Trans-cab Services Pte., Singapore’s second-largest taxi operator, is reviving its plans for an initial public offering, according to people with knowledge of the matter, as the city-state prepares to tighten regulations on its ride-hailing rivals.
The company is seeking a valuation of as much as S$200 million ($145 million), the people said, asking not to be identified as the process is private. The taxi operator aims to list on the Catalist board for smaller stocks as soon as the first quarter of next year, the people said.
Trans-cab’s second attempt at a listing comes as Singapore gets ready to license ride-hailing operators like Grab and Gojek from June 2020, which have become an important part of the city’s transportation system. The move underscores the government’s effort to bring safety-related rules for the services in line with taxi operators to better protect commuters and drivers.
The company had sought a listing to raise about S$100 million in 2014, though it eventually called off the IPO after getting new information about its insurance premium. It was looking for a market valuation of around S$456 million then, according to a Straits Times report in 2014.
The company, headed by Managing Director Teo Kiang Ang who started the firm with 50 taxis in 2003, is now seeking to stem the decline in the taxi business by expanding into car financing and leasing, according to a Straits Times interview with Teo last month.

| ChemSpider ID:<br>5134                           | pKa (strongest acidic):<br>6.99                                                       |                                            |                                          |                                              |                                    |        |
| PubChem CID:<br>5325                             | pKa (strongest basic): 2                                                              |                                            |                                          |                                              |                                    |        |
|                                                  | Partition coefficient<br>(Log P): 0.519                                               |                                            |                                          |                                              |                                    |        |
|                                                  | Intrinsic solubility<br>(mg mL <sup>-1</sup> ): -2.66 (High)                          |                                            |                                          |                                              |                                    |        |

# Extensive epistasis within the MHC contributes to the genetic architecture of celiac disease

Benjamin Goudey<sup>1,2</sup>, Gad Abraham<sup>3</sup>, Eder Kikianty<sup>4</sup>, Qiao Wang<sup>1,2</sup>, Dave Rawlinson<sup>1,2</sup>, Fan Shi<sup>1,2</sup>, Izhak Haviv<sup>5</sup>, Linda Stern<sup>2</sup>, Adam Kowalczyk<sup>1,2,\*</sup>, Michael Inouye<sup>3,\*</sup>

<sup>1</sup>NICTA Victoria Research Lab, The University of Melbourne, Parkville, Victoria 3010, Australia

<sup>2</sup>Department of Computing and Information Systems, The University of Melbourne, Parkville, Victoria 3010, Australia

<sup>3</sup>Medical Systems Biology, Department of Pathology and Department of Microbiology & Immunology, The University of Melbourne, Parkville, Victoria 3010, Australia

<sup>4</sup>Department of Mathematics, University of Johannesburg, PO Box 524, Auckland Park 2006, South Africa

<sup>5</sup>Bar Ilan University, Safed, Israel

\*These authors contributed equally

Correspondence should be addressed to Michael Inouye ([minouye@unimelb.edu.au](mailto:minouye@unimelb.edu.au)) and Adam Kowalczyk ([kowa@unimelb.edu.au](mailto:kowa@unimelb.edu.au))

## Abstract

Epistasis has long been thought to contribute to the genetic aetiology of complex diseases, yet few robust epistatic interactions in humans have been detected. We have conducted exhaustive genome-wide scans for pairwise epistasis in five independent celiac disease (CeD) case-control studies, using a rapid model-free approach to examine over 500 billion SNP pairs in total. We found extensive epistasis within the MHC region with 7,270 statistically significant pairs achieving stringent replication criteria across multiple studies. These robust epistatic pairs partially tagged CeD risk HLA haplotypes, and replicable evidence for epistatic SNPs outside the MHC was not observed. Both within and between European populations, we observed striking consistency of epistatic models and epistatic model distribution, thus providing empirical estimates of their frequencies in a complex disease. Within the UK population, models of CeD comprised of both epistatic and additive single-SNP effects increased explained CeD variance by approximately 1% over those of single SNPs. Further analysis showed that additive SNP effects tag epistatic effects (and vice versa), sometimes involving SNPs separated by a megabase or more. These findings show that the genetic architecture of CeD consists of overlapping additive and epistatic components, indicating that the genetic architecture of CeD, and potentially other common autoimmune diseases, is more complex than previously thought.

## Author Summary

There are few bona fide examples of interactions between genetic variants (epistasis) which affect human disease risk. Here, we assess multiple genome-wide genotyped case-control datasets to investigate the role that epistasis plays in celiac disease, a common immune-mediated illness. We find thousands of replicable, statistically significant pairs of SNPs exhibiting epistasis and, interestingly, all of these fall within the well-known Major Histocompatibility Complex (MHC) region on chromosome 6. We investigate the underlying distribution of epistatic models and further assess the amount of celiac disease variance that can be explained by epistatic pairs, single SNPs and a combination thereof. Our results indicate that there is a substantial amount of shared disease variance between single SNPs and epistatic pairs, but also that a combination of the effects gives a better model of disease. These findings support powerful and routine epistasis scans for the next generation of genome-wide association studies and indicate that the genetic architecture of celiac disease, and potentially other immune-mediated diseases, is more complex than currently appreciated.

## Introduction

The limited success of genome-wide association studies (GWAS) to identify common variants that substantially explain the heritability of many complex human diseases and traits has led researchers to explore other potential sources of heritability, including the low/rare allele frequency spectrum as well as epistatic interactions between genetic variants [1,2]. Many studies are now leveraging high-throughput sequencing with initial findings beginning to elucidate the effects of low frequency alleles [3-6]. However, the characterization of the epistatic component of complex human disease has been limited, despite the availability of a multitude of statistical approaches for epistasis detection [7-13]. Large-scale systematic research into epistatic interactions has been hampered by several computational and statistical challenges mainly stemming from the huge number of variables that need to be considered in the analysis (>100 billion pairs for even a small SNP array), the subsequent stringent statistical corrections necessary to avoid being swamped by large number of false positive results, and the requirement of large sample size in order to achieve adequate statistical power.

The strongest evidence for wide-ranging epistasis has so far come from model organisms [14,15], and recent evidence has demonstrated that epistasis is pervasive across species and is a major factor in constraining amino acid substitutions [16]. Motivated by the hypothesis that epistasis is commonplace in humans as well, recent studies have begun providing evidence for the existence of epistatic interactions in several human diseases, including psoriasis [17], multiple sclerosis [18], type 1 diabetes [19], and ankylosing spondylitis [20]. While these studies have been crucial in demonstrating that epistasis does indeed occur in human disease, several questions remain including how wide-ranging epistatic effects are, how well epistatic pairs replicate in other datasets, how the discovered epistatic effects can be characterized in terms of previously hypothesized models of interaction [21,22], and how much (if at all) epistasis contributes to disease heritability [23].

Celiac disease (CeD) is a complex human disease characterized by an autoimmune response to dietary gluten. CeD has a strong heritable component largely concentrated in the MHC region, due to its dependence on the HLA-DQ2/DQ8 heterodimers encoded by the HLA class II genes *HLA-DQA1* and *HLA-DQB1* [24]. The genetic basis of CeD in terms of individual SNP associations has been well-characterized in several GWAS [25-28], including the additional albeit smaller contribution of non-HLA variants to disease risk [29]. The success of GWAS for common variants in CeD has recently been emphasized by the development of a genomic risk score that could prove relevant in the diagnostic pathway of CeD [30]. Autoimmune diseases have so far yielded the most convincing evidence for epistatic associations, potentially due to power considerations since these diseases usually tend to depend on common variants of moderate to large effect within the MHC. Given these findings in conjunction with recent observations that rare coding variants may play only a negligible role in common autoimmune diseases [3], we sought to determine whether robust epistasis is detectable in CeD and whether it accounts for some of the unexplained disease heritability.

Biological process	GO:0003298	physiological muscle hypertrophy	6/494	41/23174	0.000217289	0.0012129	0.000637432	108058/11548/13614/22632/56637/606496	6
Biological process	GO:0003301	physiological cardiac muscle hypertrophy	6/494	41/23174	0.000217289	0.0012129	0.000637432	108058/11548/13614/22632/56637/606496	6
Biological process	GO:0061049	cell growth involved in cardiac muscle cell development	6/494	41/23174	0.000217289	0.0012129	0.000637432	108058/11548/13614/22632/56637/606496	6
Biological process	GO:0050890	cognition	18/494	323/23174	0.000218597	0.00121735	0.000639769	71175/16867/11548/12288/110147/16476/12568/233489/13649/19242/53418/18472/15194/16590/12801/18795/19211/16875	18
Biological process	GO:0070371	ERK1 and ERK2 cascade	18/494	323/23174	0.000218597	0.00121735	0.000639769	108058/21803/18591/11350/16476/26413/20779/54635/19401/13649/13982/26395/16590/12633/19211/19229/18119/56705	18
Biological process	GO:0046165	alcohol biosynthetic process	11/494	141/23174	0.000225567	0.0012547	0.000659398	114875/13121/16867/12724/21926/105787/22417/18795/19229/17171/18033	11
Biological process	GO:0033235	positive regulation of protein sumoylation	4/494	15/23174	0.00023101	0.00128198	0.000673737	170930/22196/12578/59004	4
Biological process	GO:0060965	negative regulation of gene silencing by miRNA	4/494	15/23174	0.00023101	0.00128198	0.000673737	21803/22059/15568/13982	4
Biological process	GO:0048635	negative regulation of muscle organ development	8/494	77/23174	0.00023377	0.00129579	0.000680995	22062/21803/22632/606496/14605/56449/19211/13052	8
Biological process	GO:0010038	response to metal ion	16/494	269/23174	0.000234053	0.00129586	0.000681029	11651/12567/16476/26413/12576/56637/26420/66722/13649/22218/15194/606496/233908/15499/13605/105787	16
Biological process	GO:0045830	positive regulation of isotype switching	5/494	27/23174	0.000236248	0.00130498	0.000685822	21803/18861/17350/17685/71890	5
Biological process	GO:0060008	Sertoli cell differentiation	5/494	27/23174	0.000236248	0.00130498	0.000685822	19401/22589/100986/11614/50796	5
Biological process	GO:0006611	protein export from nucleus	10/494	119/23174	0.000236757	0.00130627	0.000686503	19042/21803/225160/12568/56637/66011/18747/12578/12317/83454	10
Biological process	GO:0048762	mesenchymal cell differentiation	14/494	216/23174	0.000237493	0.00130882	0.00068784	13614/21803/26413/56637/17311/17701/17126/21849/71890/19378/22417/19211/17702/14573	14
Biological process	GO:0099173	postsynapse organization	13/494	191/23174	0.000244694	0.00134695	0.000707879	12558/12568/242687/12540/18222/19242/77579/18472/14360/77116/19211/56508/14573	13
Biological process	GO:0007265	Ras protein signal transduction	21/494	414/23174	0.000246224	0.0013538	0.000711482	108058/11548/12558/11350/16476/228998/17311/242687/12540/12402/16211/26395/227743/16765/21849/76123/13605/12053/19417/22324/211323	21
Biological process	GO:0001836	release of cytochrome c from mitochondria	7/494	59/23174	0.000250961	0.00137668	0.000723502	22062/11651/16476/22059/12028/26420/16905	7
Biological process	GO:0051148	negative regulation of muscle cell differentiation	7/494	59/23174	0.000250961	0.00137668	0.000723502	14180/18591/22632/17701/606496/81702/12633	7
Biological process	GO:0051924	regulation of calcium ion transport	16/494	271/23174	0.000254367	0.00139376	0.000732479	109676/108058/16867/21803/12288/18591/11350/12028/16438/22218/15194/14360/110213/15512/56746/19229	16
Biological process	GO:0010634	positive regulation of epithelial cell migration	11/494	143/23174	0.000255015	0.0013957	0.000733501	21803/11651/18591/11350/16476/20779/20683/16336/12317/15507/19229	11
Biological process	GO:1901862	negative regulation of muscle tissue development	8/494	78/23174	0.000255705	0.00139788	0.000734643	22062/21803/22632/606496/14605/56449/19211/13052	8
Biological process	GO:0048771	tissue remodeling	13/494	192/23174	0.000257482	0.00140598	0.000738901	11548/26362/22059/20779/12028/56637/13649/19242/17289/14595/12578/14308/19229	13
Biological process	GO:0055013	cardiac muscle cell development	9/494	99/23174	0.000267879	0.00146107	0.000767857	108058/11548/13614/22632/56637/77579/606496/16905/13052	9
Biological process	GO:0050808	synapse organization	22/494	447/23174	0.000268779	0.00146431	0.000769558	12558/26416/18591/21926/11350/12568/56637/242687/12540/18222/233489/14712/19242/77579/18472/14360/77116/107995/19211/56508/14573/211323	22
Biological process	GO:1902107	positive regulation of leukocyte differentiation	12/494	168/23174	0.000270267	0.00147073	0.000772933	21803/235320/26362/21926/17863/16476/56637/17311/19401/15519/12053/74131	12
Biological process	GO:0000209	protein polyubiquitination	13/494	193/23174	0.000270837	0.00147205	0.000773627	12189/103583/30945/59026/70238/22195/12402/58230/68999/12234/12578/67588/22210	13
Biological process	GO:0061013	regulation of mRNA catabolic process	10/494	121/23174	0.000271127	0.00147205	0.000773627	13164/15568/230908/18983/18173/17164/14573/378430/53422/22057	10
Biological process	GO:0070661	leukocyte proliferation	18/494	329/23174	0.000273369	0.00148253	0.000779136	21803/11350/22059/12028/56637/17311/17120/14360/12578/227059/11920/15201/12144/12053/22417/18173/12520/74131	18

Deliberations are at an early stage and details of the potential offering including timeline and size could still change, the people said. Trans-cab did not respond to emails seeking comment and calls to the company’s general line went unanswered.
Trans-cab oversaw a fleet of 3,098 cars by the end of June, far behind market leader ComfortDelGro Corp.’s 11,467 vehicles under its Comfort and CityCab brands, data from the Land Transport Authority showed. Right now, there are about 20,000 taxis and 45,000 private hire cars, providing 6% of all journeys in the city-state.
Shares of ComfortDelGro have risen more than 16% this year, outperforming the 2.6% rise in the benchmark Straits Times Index. SMRT Corp., which also operates taxis in the island nation, delisted in 2016 after it was acquired by state investment company Temasek Holdings Pte.